There were two cases (loci HT15 and HT17) with a strong increase of allele number when SNPs were taken into account (Table 2). Here, the differences could also be a consequence of a faulty SNP call due to stutter band artifacts: in case of a heterozygote length-based genotype with a SNP between both alleles, stutter bands of the larger allele would insert SNP variation present in the larger allele into the smaller allele. This could create erroneous genotypes, especially if the markers were sequenced with low coverage or if the primers are more efficiently amplifying one allele over the other. The datasets consisting of 13 markers were free of such ambiguities. Reducing the number of loci from 19 to 13 only had a minimal effect on the results on diversity and differentiation among the three study populations.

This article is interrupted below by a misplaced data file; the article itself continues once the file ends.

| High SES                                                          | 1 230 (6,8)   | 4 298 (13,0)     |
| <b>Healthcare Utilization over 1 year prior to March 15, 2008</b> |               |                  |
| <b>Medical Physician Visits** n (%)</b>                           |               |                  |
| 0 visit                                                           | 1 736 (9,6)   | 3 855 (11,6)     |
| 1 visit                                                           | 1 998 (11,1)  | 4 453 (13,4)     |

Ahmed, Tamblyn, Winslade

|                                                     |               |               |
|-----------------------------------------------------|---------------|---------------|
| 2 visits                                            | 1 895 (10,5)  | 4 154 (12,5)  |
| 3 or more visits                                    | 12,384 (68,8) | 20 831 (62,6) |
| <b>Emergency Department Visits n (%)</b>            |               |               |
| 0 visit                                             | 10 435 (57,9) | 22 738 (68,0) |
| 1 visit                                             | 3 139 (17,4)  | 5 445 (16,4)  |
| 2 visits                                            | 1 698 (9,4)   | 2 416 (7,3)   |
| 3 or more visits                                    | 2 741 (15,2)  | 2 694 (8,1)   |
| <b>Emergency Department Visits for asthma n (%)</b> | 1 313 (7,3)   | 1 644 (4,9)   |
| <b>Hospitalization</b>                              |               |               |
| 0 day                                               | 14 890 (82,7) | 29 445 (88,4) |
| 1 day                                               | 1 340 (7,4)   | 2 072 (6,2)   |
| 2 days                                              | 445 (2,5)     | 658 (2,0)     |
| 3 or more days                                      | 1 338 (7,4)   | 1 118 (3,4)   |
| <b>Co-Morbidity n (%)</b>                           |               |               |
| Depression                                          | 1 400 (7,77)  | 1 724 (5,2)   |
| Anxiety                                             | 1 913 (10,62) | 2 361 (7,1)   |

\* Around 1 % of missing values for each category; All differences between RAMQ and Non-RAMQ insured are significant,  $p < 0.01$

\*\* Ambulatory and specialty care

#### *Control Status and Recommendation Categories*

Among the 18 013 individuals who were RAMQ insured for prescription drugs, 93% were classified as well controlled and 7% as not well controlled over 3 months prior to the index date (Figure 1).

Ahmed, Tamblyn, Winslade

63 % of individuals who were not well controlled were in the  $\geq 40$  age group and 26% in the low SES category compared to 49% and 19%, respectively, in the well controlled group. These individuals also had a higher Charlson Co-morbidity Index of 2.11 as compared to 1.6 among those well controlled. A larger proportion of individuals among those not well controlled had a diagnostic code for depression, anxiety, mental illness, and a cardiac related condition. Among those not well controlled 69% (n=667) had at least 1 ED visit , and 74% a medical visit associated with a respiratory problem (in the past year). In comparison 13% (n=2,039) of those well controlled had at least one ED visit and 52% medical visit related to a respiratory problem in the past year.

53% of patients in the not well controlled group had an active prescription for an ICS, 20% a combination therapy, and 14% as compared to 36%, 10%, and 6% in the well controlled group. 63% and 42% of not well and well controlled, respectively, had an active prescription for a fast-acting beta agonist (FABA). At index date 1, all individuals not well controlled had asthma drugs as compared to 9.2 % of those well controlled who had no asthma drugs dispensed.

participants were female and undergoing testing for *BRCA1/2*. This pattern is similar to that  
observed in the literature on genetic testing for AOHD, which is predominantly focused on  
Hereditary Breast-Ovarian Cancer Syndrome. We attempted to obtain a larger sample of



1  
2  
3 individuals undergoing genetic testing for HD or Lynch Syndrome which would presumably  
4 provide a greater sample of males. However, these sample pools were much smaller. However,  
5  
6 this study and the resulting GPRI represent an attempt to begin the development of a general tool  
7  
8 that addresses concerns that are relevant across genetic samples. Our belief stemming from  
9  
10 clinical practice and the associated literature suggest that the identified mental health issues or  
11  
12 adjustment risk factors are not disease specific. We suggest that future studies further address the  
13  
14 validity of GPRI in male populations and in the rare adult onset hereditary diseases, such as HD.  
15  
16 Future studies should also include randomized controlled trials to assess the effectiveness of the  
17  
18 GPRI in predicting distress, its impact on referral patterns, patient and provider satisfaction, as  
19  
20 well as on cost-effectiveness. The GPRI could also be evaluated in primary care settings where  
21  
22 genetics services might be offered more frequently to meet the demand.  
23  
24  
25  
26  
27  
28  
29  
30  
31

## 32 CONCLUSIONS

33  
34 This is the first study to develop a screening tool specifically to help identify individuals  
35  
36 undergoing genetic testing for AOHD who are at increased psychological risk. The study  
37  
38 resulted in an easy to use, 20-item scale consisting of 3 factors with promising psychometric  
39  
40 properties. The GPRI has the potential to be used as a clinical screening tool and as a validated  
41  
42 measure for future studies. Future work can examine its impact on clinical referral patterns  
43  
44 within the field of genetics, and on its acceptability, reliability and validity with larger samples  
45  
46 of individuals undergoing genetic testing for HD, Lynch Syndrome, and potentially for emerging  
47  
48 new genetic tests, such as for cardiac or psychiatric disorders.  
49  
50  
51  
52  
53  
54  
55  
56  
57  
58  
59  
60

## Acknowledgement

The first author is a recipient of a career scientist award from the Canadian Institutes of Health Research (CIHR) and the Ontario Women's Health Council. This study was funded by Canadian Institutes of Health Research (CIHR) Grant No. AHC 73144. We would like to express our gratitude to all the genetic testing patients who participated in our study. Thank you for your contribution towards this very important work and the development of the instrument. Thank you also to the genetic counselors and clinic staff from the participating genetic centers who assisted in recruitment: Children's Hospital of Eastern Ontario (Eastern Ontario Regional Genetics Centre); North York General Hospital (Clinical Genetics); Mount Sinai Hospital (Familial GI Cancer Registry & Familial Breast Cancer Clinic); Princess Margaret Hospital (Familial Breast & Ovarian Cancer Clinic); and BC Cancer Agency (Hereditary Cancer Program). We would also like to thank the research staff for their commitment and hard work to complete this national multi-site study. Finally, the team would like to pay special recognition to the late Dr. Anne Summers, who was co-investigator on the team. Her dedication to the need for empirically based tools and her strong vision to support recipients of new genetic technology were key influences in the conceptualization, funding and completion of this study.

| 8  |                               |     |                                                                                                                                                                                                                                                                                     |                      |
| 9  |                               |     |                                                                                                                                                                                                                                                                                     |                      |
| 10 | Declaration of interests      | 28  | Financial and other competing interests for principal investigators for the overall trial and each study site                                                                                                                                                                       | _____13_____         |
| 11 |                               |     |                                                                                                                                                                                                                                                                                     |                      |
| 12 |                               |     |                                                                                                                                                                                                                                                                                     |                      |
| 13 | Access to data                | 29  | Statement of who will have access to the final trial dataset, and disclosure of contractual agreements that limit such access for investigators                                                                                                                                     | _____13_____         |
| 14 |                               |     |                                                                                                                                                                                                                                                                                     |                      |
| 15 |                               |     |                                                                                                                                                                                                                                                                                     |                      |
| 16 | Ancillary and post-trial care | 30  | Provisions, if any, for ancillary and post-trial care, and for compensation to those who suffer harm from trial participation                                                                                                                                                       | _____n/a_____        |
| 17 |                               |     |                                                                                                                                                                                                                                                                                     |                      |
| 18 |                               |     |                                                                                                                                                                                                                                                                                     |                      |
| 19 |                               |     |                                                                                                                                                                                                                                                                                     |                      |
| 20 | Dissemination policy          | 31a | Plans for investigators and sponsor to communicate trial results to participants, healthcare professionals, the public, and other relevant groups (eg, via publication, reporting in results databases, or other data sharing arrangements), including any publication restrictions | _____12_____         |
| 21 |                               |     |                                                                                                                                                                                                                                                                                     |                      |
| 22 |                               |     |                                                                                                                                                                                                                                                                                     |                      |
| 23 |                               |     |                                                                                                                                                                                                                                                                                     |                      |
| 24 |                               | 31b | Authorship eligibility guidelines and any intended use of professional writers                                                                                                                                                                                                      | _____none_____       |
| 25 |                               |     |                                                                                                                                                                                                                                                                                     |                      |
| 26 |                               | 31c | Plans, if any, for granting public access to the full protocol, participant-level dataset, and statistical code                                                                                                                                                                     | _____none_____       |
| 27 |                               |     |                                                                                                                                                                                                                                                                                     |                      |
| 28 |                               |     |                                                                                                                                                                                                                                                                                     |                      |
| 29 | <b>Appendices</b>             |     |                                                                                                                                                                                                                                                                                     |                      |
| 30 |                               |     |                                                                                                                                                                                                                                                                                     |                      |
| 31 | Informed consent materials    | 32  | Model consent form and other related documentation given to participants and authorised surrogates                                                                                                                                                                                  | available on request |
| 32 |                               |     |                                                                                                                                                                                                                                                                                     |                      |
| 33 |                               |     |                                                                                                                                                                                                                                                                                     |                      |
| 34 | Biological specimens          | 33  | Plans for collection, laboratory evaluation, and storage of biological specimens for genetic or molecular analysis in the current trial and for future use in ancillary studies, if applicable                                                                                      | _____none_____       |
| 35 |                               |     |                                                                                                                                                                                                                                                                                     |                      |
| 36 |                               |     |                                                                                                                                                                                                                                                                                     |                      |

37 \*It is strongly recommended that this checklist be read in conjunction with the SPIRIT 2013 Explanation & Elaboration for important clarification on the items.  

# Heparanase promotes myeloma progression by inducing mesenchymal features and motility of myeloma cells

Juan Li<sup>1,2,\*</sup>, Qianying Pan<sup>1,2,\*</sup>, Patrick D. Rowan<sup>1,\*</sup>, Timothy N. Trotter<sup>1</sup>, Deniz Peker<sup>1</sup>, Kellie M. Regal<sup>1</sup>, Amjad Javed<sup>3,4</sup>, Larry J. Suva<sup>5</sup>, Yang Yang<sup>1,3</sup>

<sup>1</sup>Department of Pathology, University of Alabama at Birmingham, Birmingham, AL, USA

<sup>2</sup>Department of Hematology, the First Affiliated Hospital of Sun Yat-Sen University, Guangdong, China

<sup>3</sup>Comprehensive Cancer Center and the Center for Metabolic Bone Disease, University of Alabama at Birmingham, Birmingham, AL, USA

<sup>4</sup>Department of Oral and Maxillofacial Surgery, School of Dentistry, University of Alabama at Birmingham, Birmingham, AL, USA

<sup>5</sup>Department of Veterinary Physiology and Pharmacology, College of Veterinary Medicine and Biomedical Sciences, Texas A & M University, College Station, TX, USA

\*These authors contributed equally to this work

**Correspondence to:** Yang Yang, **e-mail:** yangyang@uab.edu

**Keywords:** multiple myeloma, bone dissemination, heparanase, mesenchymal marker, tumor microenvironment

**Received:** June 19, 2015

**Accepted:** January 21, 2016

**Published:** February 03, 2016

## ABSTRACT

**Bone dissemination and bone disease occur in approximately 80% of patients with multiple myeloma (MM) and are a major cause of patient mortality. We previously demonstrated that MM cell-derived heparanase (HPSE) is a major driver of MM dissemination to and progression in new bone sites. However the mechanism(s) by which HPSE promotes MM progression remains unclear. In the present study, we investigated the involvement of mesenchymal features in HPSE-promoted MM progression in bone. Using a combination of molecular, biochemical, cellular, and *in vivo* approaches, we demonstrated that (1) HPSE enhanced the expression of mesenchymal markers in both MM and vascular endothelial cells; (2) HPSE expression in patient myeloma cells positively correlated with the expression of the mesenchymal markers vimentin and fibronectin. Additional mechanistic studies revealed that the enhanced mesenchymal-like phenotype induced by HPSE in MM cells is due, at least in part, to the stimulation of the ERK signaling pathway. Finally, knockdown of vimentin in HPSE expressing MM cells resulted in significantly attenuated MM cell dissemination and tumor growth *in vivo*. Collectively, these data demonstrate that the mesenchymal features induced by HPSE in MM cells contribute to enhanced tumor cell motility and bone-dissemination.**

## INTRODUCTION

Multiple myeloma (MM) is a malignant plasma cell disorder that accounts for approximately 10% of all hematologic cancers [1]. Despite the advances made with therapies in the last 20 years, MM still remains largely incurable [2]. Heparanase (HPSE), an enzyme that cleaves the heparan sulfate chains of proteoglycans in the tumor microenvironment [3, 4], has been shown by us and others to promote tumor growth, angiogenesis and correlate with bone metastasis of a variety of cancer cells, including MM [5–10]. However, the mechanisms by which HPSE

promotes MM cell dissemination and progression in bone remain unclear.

Due to missing data, we ended up excluding eight markers out of the initial marker set of markers tested (see Table 1). The main source of amplification failure was likely to be related with the plexity level of the PCR reactions and not due to the SSR-GBS approach. Evidence of this is the fact that all markers amplified when a single marker PCR approach was employed. In our approach, we choose the strategy of developing more markers than necessary and exclude the ones that could not be amplified in multiplex or presented scoring problems. However, by reducing the number of markers per multiplex or optimizing the PCR reactions, more markers are likely to be recovered. PCR reactions with similar plexity are commonly successfully applied for forensics purposes (Heyen et al. 1997; Luikart et al. 1999).